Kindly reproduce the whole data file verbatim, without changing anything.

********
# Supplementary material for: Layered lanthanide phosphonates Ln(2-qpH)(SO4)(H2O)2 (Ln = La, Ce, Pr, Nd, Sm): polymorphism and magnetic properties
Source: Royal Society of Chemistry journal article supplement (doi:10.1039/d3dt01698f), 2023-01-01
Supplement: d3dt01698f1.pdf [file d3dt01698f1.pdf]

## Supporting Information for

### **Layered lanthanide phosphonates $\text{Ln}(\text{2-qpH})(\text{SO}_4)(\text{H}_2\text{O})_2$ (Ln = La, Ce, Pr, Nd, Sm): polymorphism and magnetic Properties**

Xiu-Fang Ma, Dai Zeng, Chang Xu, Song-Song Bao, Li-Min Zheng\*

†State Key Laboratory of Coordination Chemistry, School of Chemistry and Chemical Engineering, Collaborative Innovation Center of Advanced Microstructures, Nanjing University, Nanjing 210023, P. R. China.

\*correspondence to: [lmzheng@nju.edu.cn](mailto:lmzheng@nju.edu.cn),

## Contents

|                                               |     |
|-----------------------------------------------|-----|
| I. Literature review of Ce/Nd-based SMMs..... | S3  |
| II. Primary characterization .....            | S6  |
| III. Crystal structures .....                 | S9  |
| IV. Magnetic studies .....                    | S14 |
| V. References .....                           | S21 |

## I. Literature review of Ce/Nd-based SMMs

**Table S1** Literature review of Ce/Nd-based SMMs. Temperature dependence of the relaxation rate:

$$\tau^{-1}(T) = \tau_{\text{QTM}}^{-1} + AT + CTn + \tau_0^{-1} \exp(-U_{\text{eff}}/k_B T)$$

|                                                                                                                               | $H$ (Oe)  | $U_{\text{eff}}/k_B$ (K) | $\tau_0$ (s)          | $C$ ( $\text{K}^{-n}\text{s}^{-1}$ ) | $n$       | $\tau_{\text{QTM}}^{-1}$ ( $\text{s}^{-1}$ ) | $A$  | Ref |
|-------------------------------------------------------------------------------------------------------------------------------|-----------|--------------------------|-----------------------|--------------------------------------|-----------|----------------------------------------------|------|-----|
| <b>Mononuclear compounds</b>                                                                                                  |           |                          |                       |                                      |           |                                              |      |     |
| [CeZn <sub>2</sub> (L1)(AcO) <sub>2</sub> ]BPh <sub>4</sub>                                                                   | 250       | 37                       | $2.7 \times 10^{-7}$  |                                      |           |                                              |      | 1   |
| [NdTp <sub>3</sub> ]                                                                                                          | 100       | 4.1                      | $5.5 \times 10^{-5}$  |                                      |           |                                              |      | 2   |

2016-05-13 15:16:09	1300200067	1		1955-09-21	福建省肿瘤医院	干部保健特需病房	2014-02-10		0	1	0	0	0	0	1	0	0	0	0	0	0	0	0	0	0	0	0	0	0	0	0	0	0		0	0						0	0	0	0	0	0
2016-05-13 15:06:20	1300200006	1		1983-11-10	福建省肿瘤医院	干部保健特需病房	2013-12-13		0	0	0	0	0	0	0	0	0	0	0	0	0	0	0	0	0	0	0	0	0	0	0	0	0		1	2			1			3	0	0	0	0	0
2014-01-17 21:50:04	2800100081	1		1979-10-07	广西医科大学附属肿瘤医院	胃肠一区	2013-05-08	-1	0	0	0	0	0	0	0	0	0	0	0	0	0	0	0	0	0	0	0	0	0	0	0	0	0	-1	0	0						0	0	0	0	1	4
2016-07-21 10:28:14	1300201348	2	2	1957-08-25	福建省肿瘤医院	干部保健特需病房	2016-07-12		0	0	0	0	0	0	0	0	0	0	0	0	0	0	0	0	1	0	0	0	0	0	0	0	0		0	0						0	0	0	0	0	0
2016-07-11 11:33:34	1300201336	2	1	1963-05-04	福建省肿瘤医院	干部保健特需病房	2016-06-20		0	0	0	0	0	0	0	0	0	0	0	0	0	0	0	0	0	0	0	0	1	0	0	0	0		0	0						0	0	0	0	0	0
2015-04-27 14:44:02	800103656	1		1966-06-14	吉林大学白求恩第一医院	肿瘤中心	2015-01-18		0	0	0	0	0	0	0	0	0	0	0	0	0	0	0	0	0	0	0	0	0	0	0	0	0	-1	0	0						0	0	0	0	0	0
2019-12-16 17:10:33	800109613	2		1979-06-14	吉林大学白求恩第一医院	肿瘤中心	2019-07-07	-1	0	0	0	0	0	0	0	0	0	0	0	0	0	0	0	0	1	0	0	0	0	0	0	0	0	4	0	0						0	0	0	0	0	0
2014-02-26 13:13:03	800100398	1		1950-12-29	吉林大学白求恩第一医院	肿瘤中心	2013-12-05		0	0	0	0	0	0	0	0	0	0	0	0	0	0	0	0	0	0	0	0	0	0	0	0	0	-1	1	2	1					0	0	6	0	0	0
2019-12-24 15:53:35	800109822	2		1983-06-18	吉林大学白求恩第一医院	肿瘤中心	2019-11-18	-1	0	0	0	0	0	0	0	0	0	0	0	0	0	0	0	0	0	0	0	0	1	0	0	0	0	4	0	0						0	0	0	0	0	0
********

# Supplementary material for: Layered lanthanide phosphonates Ln(2-qpH)(SO4)(H2O)2 (Ln = La, Ce, Pr, Nd, Sm): polymorphism and magnetic properties
Source: Royal Society of Chemistry journal article supplement (doi:10.1039/d3dt01698f), 2023-01-01
Supplement: d3dt01698f1.pdf [file d3dt01698f1.pdf]

## Supporting Information for

### **Layered lanthanide phosphonates $\text{Ln}(\text{2-qpH})(\text{SO}_4)(\text{H}_2\text{O})_2$ (Ln = La, Ce, Pr, Nd, Sm): polymorphism and magnetic Properties**

Xiu-Fang Ma, Dai Zeng, Chang Xu, Song-Song Bao, Li-Min Zheng\*

†State Key Laboratory of Coordination Chemistry, School of Chemistry and Chemical Engineering, Collaborative Innovation Center of Advanced Microstructures, Nanjing University, Nanjing 210023, P. R. China.

\*correspondence to: [lmzheng@nju.edu.cn](mailto:lmzheng@nju.edu.cn),

## Contents

|                                               |     |
|-----------------------------------------------|-----|
| I. Literature review of Ce/Nd-based SMMs..... | S3  |
| II. Primary characterization .....            | S6  |
| III. Crystal structures .....                 | S9  |
| IV. Magnetic studies .....                    | S14 |
| V. References .....                           | S21 |

## I. Literature review of Ce/Nd-based SMMs

**Table S1** Literature review of Ce/Nd-based SMMs. Temperature dependence of the relaxation rate:

$$\tau^{-1}(T) = \tau_{\text{QTM}}^{-1} + AT + CTn + \tau_0^{-1} \exp(-U_{\text{eff}}/k_B T)$$

|                                                                                                                               | $H$ (Oe)  | $U_{\text{eff}}/k_B$ (K) | $\tau_0$ (s)          | $C$ ( $\text{K}^{-n}\text{s}^{-1}$ ) | $n$       | $\tau_{\text{QTM}}^{-1}$ ( $\text{s}^{-1}$ ) | $A$  | Ref |
|-------------------------------------------------------------------------------------------------------------------------------|-----------|--------------------------|-----------------------|--------------------------------------|-----------|----------------------------------------------|------|-----|
| <b>Mononuclear compounds</b>                                                                                                  |           |                          |                       |                                      |           |                                              |      |     |
| [CeZn <sub>2</sub> (L1)(AcO) <sub>2</sub> ]BPh <sub>4</sub>                                                                   | 250       | 37                       | $2.7 \times 10^{-7}$  |                                      |           |                                              |      | 1   |
| [NdTp <sub>3</sub> ]                                                                                                          | 100       | 4.1                      | $5.5 \times 10^{-5}$  |                                      |           |                                              |      | 2   |

2016-05-13 15:16:09	1300200067	1		1955-09-21	福建省肿瘤医院	干部保健特需病房	2014-02-10		0	1	0	0	0	0	1	0	0	0	0	0	0	0	0	0	0	0	0	0	0	0	0	0	0		0	0						0	0	0	0	0	0
2016-05-13 15:06:20	1300200006	1		1983-11-10	福建省肿瘤医院	干部保健特需病房	2013-12-13		0	0	0	0	0	0	0	0	0	0	0	0	0	0	0	0	0	0	0	0	0	0	0	0	0		1	2			1			3	0	0	0	0	0
2014-01-17 21:50:04	2800100081	1		1979-10-07	广西医科大学附属肿瘤医院	胃肠一区	2013-05-08	-1	0	0	0	0	0	0	0	0	0	0	0	0	0	0	0	0	0	0	0	0	0	0	0	0	0	-1	0	0						0	0	0	0	1	4
2016-07-21 10:28:14	1300201348	2	2	1957-08-25	福建省肿瘤医院	干部保健特需病房	2016-07-12		0	0	0	0	0	0	0	0	0	0	0	0	0	0	0	0	1	0	0	0	0	0	0	0	0		0	0						0	0	0	0	0	0
2016-07-11 11:33:34	1300201336	2	1	1963-05-04	福建省肿瘤医院	干部保健特需病房	2016-06-20		0	0	0	0	0	0	0	0	0	0	0	0	0	0	0	0	0	0	0	0	1	0	0	0	0		0	0						0	0	0	0	0	0
2015-04-27 14:44:02	800103656	1		1966-06-14	吉林大学白求恩第一医院	肿瘤中心	2015-01-18		0	0	0	0	0	0	0	0	0	0	0	0	0	0	0	0	0	0	0	0	0	0	0	0	0	-1	0	0						0	0	0	0	0	0
2019-12-16 17:10:33	800109613	2		1979-06-14	吉林大学白求恩第一医院	肿瘤中心	2019-07-07	-1	0	0	0	0	0	0	0	0	0	0	0	0	0	0	0	0	1	0	0	0	0	0	0	0	0	4	0	0						0	0	0	0	0	0
2014-02-26 13:13:03	800100398	1		1950-12-29	吉林大学白求恩第一医院	肿瘤中心	2013-12-05		0	0	0	0	0	0	0	0	0	0	0	0	0	0	0	0	0	0	0	0	0	0	0	0	0	-1	1	2	1					0	0	6	0	0	0
2019-12-24 15:53:35	800109822	2		1983-06-18	吉林大学白求恩第一医院	肿瘤中心	2019-11-18	-1	0	0	0	0	0	0	0	0	0	0	0	0	0	0	0	0	0	0	0	0	1	0	0	0	0	4	0	0						0	0	0	0	0	0